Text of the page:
Ric Richardson virtually established the now-familiar product authentication method, the "try and buy" approach seen on everything from magazine distribution to shareware to Microsoft products. The company that Richardson founded, Uniloc, went on to become a major player in the copy protection and anti-piracy end of the software world. Uniloc has also become a major player in the litigation world, to date filing at least 73 lawsuits against some of the biggest names in software.
Ric, and Uniloc as a whole, probably feel a sense of ownership on any subsequent method of product activation method, and this patent seems to be an attempt to close some gaps in this encompassing theory.
Ric is publicly upset at the number of "rather disgusting emails" sent to him by people who didn't know that Martin S. Edelman is actually the author of the '067 patent. The cause of this flame war? This patent is the subject of Uniloc's latest barrage of lawsuits against EA Games, Distinctive Developments, Full Fat Productions, Gameloft, Halfbrick Studios, Laminar Research, Madfinger Games, Polarbit, Square Enix, and, most significantly, Mojang -- whose Minecraft game has won considerable fandom.
Minecraft's considerable player base includes (perhaps disproportionately) many who are both exceedingly willing to express their negative reaction as well as inclined to oppose software patents. At the risk of editorializing, there is considerable validity to the latter view; software patents seem likely to reduce competition in favor of large corporations, with fallout including higher prices, increased risk to security and stability of systems, and ultimately job losses. Most software patents could be replaced by copyrights, but patents are much more suited to aggressive litigation.
On first glance, one might be forgiven for thinking that "A system for preventing unauthorized access to electronic data" was some sort of crucial security technology, perhaps something that the Pentagon would use to protect classified servers from terrorist hackers. In reality, the patent most closely applies to server-based authentication via smart card readers. And in recent practice, what Uniloc is suing over is basically anything that allows Android gamers to unlock the full app from the free demo.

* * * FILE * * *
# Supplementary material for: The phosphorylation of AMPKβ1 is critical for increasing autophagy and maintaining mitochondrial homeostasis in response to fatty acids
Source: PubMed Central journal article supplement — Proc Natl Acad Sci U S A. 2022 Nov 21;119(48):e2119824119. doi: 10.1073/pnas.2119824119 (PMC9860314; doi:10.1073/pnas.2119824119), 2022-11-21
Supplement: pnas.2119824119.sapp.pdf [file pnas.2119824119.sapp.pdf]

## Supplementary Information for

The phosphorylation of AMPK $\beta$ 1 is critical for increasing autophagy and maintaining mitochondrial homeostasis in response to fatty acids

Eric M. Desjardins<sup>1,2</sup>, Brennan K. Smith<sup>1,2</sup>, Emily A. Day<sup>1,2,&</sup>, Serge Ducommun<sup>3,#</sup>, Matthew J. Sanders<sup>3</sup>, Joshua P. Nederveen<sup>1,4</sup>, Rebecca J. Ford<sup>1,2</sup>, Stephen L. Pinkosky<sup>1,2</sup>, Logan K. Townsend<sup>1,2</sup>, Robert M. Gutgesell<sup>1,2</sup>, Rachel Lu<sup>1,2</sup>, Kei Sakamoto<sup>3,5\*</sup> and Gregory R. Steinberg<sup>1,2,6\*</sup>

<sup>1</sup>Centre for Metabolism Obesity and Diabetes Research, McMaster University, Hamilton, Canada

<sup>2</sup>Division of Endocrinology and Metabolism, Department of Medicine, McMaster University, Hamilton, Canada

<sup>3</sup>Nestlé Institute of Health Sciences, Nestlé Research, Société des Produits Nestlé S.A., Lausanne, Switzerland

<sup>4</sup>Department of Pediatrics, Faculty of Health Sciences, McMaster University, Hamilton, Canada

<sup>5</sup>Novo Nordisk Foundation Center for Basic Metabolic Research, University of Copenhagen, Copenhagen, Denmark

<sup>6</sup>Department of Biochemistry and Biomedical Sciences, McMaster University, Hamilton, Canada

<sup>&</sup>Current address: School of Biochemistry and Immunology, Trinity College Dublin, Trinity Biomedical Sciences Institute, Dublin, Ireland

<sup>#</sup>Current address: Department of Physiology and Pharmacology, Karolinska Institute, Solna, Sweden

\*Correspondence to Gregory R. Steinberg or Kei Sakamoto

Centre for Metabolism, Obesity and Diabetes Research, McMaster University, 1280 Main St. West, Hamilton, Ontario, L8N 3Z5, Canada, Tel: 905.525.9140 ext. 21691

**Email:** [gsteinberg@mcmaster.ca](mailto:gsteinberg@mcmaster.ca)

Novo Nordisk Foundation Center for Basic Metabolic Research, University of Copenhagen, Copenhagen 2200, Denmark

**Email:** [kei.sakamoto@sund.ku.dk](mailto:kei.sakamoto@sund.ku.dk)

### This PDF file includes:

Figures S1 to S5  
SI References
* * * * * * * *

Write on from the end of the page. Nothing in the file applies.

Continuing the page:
Does the '067 patent indirectly assert this use? Yes, and quite a bit more. In fact, it covers any way in which "protected" data can be "authorized" via mobile means for full ownership and use. The patent is applicable whenever you download an app, or "music, movies, e-books, and the like" to your smartphone or tablet (or laptop, or PC, or server), just as long as some (or none) of it is usable unless you pay for the license. It's applicable no matter how you connect to the remote licensing "authority" (wired, wireless, smart card, etc.) and it's applicable no matter how the content is unlocked.
The three essential elements are the "electronic device", the "license medium", and the "registration authority". The license medium is specifically described as portable, while the other two are left open to interpretation. Therefore, the first two elements can co-exist in the same device -- as with smartphones, for instance. If the device is stationary (like a PC) but the medium is portable (like a disc or memory card), the patent still applies. Obviously, the registration authority is assumed to be remote from the first two, but after careful reading I can't conclude that this must be the case; the registration authority only needs to have the relevant database to authorize the data, and possess the capability for the database to be updated.